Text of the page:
In 2008, Károly Gerendai, the driving force behind the successful Sziget Festival, opened a restaurant on unsung Ráday utca. His intention was to raise culinary standards in Budapest to Michelin-star levels.

Had there been Michelin stars a century before, Budapest would have excelled. Frenchman Joseph Marchal, chef to Napoléon III, had come here in the 1860s to combine Gallic technique with Hungarian ingredients, and trained a whole generation.

Károly Gundel then put this to good use when taking over Gundel in 1910, creating a world-class dining destination.

Exactly a century later, Budapest earned its first Michelin star after Károly Gerendai brought Miguel Rocha Vieira to oversee his restaurant, Costes. The Portuguese chef, who had trained in influential kitchens such as the El Bulli Hotel in Seville, had introduced a groundbreaking dégustation menu – his wild pigeon dish remains popular to this day.

Rocha Vieira also understood that maintaining a Michelin star is a task as challenging as earning it in the first place. For consistency, he sourced more produce from around Hungary. Chefs may have led Budapest’s culinary transformation but local producers have been crucial. As demand rose, so did standards. Few might know, for example, that the caviar at Costes is Hungarian.

Hungarian chefs soon came to the fore. Culinary couple Szabina Szulló and Tamás Széll were given carte blanche to create at Onyx, by the legendary Gerbeaud confectionery. As at Costes, everything perfectly presented on the plate is bite-sized and exquisite – the current menu features concoctions within and beyond Hungary’s borders.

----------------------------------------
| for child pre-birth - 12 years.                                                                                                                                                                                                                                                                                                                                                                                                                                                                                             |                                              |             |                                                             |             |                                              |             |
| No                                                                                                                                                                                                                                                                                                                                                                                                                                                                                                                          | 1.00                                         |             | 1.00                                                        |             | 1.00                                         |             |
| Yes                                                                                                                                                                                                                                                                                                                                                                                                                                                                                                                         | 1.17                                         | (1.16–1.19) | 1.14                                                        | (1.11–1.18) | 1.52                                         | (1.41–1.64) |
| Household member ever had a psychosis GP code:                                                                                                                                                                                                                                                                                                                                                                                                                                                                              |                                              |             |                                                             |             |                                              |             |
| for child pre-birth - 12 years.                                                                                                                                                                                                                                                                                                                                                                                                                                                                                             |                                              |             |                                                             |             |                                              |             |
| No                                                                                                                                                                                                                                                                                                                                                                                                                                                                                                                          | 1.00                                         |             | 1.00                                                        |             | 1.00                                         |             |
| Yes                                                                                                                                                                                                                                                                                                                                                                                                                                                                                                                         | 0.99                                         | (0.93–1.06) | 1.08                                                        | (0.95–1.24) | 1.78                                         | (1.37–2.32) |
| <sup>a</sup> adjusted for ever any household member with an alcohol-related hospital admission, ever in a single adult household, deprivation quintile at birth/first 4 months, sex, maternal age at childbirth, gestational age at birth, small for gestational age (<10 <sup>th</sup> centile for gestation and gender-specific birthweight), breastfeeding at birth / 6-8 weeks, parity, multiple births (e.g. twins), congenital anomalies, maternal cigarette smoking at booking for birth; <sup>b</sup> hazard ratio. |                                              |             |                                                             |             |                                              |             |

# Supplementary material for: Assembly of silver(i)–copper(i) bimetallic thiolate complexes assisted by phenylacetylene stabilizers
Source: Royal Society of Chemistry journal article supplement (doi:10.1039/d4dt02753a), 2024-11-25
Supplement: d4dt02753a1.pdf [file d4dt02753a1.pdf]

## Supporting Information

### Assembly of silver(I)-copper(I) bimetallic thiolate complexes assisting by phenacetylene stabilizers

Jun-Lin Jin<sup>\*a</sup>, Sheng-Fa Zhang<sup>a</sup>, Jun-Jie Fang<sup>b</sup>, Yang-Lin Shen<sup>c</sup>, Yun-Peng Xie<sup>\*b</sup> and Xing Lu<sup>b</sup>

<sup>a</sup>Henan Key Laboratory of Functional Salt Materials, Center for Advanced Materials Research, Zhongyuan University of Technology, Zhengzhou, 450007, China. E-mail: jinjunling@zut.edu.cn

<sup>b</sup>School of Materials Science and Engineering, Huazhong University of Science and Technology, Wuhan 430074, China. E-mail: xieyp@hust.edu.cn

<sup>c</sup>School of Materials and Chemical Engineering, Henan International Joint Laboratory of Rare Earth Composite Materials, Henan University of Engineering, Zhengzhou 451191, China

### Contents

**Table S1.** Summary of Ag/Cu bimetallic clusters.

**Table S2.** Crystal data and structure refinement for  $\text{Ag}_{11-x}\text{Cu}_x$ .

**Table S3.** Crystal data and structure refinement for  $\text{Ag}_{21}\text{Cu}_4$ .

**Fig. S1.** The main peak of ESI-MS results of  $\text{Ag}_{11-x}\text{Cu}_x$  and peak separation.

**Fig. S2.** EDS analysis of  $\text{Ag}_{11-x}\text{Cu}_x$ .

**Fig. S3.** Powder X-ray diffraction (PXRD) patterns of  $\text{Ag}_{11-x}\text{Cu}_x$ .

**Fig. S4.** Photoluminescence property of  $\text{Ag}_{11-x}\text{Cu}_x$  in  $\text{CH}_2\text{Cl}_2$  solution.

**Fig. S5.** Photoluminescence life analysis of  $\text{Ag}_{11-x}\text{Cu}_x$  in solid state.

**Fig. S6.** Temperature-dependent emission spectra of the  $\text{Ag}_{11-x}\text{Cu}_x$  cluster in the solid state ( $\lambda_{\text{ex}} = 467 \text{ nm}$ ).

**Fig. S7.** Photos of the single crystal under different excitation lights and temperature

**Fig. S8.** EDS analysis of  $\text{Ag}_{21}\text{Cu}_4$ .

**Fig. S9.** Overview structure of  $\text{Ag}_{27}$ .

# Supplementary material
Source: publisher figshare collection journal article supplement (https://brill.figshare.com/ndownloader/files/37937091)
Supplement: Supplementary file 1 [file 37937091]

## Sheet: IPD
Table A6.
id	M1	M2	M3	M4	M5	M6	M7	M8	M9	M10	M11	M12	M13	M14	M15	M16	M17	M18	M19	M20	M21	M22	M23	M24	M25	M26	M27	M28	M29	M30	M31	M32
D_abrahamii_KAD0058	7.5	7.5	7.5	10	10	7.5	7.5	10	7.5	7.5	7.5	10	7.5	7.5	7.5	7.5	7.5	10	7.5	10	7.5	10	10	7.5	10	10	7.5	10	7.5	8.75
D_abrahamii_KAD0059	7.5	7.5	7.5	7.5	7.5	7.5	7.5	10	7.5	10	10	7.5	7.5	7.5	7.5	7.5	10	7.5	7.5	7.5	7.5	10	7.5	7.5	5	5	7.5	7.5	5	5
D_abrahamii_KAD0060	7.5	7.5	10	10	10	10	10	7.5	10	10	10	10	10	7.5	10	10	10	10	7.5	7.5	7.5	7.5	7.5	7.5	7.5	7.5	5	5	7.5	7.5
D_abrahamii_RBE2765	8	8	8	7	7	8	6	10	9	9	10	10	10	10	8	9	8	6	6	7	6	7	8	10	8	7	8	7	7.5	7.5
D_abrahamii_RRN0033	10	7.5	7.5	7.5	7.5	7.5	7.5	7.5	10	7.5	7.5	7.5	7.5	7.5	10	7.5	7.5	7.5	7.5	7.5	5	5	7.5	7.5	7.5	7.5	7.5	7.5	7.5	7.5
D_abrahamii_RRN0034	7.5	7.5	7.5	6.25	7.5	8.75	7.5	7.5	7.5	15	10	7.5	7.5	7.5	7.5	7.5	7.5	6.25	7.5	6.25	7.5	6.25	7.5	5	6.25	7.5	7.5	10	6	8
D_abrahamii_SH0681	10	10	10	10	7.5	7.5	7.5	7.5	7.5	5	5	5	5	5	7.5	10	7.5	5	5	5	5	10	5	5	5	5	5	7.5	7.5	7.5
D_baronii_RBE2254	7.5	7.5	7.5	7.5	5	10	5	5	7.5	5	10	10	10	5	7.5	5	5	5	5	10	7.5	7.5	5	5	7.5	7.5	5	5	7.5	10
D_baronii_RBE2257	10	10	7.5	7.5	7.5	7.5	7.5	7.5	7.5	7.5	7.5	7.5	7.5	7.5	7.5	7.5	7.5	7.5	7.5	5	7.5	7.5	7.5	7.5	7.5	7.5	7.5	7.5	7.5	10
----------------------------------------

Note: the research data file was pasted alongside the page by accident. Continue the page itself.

Behind Onyx, a gastronomic hub developed around Lipótváros, the business-focused northern half of the city centre, where discerning diners convene at lunchtime. This surge of top-quality dining was also driven by… wine. Just as Hungary’s restaurant trade has levelled up significantly in the 2000s, so has its wine industry.

Tigris and Di Vino, opened by the famed Gere winery and by the young winemakers of Junibor respectively, matched top labels with divine dishes, the revived Hungarian variety of pork mangalica a speciality. Noted sommelier Zoltán Kalocsai and Tamás Horváth created Borkonyha (‘Wine Kitchen’), an informal bistro in the gastro hub with 200 Hungarian labels available by the glass. The key to its success, though, and to the Michelin star awarded in 2014, was the free rein given to little-known chef Ákos Sárközi.

Nearby, the Downtown Market opened, reviving an 1891 landmark while placing gastronomy centre stage. Lunchtimes are a-buzz with culinary invention. Here Szulló and Széll relocated to open Stand25, working within the bistro genre, leaving Onyx in the capable hands of their former assistant Ádám Mészáros. Also nearby, Costes opened a bistro branch, Costes Downtown overseen by Rocha Vieira, who was nurturing his assistant, Eszter Palágyi, as a star chef in her own right at the original outlet.

Budapest basked in the international limelight at the Michelin gala staged at the illustrious Várkert Bazár in 2018. Awarding a second star to Onyx, the panel assured Costes, Costes Downtown and Borkonyha of their Michelin status and garlanded other venues, including Stand25, with Bibs Gourmands.

Missing out that night, the otherwise acclaimed Babel Budapest didn’t waver, chef István Véres continuing to produce stellar cuisine underscored by his Transylvanian roots. A Michelin star duly arrived in 2019, alongside one for Szulló and Széll’s new venture, Stand.

All six of Budapest’s Michelin-starred restaurants are within a short walk of each other in the city centre. Costes, meanwhile, is looking further afield, setting up with 49 other global Michelin-starred restaurants on an archipelago of high-end gastronomy in China, Ocean Flowers.

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